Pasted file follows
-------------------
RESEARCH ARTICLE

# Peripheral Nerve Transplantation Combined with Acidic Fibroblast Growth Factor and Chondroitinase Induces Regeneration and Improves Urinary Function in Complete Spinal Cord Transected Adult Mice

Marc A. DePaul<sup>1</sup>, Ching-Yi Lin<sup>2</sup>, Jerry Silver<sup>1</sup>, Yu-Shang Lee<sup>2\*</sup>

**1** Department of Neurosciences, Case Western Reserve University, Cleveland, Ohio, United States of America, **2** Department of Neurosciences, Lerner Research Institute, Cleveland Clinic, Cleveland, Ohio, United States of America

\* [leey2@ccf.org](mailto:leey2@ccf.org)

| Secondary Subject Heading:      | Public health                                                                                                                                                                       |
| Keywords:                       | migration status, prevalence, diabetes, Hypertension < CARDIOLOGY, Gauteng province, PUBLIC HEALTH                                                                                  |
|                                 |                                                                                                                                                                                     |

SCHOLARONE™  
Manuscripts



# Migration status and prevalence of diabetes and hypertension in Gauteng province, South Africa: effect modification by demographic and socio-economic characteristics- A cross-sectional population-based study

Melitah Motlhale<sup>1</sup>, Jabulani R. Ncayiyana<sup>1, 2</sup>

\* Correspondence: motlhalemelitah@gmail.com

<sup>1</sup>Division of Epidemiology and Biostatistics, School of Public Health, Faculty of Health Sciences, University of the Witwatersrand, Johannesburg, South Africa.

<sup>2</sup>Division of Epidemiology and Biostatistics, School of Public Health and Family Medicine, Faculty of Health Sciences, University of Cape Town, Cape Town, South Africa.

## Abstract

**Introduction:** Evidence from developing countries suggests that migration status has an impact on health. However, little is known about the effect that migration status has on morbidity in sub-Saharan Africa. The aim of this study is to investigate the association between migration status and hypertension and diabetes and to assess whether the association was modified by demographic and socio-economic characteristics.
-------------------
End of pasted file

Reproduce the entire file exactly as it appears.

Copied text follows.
RESEARCH ARTICLE

# Peripheral Nerve Transplantation Combined with Acidic Fibroblast Growth Factor and Chondroitinase Induces Regeneration and Improves Urinary Function in Complete Spinal Cord Transected Adult Mice

Marc A. DePaul<sup>1</sup>, Ching-Yi Lin<sup>2</sup>, Jerry Silver<sup>1</sup>, Yu-Shang Lee<sup>2\*</sup>

**1** Department of Neurosciences, Case Western Reserve University, Cleveland, Ohio, United States of America, **2** Department of Neurosciences, Lerner Research Institute, Cleveland Clinic, Cleveland, Ohio, United States of America

\* [leey2@ccf.org](mailto:leey2@ccf.org)

| Secondary Subject Heading:      | Public health                                                                                                                                                                       |
| Keywords:                       | migration status, prevalence, diabetes, Hypertension < CARDIOLOGY, Gauteng province, PUBLIC HEALTH                                                                                  |
|                                 |                                                                                                                                                                                     |

SCHOLARONE™  
Manuscripts



# Migration status and prevalence of diabetes and hypertension in Gauteng province, South Africa: effect modification by demographic and socio-economic characteristics- A cross-sectional population-based study

Melitah Motlhale<sup>1</sup>, Jabulani R. Ncayiyana<sup>1, 2</sup>

\* Correspondence: motlhalemelitah@gmail.com

<sup>1</sup>Division of Epidemiology and Biostatistics, School of Public Health, Faculty of Health Sciences, University of the Witwatersrand, Johannesburg, South Africa.

<sup>2</sup>Division of Epidemiology and Biostatistics, School of Public Health and Family Medicine, Faculty of Health Sciences, University of Cape Town, Cape Town, South Africa.

## Abstract

**Introduction:** Evidence from developing countries suggests that migration status has an impact on health. However, little is known about the effect that migration status has on morbidity in sub-Saharan Africa. The aim of this study is to investigate the association between migration status and hypertension and diabetes and to assess whether the association was modified by demographic and socio-economic characteristics.